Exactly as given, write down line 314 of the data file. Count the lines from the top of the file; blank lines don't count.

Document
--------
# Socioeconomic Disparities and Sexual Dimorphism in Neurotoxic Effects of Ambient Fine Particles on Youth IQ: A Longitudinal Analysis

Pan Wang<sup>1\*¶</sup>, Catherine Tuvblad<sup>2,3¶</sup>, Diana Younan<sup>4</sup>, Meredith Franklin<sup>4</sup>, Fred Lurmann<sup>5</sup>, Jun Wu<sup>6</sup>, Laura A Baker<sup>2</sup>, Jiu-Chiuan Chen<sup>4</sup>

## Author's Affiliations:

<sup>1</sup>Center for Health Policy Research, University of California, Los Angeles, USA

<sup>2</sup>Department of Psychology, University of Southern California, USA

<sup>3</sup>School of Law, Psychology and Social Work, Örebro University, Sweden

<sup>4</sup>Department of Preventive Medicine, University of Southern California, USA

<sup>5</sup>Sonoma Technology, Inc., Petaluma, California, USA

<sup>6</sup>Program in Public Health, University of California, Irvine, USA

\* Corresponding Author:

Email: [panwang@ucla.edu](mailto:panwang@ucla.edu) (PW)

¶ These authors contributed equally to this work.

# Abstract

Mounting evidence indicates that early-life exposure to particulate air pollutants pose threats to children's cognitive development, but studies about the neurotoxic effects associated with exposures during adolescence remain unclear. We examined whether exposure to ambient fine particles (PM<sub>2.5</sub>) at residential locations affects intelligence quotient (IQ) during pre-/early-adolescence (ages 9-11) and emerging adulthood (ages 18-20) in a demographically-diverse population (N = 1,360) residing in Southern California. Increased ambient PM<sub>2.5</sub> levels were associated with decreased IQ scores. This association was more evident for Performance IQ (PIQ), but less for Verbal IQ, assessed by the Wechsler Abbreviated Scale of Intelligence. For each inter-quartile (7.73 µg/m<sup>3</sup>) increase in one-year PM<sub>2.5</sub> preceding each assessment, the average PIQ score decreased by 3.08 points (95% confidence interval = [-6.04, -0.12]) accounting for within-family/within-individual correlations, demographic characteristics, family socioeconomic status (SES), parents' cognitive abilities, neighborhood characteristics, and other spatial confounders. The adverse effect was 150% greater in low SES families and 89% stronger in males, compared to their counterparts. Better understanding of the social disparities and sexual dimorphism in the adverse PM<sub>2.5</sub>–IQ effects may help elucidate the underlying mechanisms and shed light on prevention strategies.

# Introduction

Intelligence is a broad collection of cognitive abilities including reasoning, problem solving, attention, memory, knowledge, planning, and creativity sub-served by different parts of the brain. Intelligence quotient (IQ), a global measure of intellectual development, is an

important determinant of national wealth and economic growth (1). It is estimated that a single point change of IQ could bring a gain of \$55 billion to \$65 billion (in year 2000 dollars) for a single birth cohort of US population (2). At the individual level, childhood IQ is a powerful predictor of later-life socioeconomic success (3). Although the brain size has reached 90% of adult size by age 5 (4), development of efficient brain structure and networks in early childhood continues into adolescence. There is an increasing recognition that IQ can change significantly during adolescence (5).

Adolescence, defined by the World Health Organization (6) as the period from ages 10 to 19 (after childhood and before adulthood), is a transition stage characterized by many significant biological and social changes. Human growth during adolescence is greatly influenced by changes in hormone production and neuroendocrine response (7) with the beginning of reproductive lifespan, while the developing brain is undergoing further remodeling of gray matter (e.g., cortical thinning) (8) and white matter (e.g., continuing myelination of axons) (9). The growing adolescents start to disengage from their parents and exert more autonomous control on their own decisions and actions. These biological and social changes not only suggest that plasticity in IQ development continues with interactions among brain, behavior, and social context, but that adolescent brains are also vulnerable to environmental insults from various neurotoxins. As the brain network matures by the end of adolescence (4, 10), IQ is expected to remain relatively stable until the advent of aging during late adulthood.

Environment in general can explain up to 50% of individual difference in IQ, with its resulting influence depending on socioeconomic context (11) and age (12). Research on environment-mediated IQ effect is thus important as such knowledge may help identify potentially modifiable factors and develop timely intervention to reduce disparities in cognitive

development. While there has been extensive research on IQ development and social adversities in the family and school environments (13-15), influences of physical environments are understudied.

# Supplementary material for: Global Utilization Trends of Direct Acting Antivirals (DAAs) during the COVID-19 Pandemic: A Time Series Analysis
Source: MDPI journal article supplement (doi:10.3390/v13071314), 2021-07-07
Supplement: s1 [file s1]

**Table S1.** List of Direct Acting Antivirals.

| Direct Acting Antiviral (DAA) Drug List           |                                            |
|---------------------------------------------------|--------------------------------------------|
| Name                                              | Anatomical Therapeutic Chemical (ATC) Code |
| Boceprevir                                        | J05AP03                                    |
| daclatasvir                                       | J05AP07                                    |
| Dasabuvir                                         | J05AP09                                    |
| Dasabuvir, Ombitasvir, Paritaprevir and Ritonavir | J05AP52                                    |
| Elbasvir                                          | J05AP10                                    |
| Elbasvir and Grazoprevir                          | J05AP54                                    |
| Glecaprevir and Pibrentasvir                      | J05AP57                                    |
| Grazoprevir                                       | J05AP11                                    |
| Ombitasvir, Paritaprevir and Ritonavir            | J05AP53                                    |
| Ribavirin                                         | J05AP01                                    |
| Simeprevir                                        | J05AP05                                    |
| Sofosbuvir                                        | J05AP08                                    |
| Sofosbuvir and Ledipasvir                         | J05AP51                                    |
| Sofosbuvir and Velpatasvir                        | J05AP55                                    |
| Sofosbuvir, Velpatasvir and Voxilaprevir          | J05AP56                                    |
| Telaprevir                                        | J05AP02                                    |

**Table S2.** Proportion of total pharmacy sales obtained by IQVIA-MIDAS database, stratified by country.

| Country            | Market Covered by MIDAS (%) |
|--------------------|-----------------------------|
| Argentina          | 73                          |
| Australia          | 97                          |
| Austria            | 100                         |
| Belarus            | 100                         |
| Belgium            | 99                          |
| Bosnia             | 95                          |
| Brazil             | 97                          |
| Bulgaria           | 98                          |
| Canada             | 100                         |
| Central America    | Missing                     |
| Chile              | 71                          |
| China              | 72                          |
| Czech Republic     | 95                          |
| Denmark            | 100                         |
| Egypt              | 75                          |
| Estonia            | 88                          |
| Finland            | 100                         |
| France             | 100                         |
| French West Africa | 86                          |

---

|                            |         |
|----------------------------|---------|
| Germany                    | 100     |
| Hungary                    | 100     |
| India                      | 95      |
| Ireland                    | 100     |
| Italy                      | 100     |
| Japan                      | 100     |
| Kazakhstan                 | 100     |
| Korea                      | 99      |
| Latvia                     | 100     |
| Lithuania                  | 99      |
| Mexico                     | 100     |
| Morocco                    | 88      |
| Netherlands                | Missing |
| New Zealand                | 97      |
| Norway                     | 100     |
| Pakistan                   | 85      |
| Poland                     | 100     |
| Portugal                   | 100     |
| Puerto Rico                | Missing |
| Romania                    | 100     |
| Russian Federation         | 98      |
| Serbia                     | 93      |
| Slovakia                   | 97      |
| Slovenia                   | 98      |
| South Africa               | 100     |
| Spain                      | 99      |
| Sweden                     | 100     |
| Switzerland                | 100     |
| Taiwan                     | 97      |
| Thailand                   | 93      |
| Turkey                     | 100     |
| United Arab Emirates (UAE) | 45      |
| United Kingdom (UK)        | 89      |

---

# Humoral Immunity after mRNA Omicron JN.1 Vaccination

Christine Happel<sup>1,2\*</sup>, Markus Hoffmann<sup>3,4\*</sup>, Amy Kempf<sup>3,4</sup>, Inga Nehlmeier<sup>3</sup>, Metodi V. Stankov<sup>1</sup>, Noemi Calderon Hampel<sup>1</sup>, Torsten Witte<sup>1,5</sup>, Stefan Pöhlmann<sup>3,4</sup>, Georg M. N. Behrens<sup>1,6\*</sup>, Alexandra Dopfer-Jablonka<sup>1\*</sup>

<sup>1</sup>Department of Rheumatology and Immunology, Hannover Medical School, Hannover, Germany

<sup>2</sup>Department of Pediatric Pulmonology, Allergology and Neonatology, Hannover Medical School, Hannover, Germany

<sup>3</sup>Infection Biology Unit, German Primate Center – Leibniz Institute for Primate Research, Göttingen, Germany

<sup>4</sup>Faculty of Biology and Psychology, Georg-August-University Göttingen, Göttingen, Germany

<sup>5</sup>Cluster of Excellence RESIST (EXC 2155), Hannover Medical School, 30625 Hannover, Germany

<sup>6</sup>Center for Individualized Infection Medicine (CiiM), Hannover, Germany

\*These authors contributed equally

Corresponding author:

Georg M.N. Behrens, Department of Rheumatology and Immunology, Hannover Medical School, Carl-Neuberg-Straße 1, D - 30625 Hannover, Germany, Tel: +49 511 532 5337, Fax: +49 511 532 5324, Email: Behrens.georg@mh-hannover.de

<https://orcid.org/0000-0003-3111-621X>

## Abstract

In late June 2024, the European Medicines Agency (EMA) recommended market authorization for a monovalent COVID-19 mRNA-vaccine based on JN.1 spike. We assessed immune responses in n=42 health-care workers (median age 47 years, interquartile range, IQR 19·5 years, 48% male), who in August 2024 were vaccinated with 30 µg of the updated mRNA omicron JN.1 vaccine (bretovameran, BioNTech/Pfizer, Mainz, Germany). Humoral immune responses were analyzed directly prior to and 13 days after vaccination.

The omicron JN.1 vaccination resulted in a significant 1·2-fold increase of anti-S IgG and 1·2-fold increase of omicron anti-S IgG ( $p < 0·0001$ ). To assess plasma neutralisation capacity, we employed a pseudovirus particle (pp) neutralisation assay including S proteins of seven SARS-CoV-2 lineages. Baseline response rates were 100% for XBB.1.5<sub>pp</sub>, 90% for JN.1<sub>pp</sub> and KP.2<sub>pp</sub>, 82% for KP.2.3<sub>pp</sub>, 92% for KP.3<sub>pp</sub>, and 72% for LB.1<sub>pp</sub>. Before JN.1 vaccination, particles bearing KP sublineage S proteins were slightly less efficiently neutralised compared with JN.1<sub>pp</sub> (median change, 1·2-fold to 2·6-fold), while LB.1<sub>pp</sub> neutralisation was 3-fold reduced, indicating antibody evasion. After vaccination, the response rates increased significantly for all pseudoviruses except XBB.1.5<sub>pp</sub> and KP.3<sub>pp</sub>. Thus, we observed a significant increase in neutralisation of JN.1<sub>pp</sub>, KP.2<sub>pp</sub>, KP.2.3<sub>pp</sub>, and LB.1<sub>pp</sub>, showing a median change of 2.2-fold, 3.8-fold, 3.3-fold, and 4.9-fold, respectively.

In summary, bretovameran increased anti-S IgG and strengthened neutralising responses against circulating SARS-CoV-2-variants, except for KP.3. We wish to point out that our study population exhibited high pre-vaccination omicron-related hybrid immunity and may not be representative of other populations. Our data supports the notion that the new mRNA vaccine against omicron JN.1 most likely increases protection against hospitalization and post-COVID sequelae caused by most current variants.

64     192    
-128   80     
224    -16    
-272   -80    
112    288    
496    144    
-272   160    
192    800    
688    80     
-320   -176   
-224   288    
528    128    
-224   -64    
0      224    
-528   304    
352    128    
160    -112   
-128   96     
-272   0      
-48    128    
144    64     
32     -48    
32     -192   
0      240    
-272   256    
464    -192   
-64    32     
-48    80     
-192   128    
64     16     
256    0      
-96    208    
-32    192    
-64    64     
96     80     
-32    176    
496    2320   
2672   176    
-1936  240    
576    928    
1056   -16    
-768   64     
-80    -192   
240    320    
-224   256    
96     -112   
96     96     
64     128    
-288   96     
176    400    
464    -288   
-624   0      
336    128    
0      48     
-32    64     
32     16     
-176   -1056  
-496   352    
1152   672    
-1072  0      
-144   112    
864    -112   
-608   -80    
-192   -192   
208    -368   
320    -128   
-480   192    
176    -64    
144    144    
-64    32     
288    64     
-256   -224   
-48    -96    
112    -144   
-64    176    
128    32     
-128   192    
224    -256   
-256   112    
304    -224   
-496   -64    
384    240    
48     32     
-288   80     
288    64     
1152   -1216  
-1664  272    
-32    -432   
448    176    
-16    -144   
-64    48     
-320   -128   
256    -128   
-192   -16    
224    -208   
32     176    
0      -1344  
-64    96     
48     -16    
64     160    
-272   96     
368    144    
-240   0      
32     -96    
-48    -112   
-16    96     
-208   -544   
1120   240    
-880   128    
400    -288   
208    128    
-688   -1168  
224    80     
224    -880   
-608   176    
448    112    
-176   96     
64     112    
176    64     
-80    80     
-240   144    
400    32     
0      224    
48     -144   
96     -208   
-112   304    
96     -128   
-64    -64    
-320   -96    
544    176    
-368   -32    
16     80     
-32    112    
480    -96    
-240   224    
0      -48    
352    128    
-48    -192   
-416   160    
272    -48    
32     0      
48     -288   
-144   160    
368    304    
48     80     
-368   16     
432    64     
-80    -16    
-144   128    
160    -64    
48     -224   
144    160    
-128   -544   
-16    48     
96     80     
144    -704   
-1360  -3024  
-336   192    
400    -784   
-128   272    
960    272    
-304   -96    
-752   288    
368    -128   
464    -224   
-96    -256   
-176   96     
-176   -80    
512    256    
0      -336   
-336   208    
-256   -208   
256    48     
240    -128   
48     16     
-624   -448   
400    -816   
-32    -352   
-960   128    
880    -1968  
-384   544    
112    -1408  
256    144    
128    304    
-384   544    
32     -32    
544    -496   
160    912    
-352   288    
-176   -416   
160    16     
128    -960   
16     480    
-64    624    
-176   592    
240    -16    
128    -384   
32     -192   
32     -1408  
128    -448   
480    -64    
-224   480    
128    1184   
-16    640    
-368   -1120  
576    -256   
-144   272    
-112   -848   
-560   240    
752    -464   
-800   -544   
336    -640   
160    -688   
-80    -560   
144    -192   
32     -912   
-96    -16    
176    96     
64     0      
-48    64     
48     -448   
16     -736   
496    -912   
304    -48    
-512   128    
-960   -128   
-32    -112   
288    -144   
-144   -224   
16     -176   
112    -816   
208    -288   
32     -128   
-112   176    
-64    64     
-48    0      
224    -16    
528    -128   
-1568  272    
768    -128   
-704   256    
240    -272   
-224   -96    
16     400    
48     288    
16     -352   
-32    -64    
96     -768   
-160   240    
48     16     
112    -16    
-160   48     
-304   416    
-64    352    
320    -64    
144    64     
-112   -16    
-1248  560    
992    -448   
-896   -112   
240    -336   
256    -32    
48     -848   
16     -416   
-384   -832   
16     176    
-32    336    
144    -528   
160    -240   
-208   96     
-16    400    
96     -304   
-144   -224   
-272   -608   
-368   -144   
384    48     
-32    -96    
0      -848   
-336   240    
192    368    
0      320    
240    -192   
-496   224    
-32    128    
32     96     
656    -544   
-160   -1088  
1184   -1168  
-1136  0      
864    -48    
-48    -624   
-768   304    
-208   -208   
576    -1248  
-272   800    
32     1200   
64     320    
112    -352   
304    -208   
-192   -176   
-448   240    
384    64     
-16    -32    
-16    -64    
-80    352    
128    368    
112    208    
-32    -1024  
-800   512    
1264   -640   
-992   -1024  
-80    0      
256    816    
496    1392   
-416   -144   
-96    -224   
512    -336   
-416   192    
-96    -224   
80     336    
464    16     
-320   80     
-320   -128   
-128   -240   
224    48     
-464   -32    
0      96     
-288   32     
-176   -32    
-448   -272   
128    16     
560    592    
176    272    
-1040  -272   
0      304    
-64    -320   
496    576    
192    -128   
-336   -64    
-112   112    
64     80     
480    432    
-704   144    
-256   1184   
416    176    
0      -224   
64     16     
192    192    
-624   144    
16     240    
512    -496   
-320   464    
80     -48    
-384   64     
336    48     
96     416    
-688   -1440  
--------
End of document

240    -16    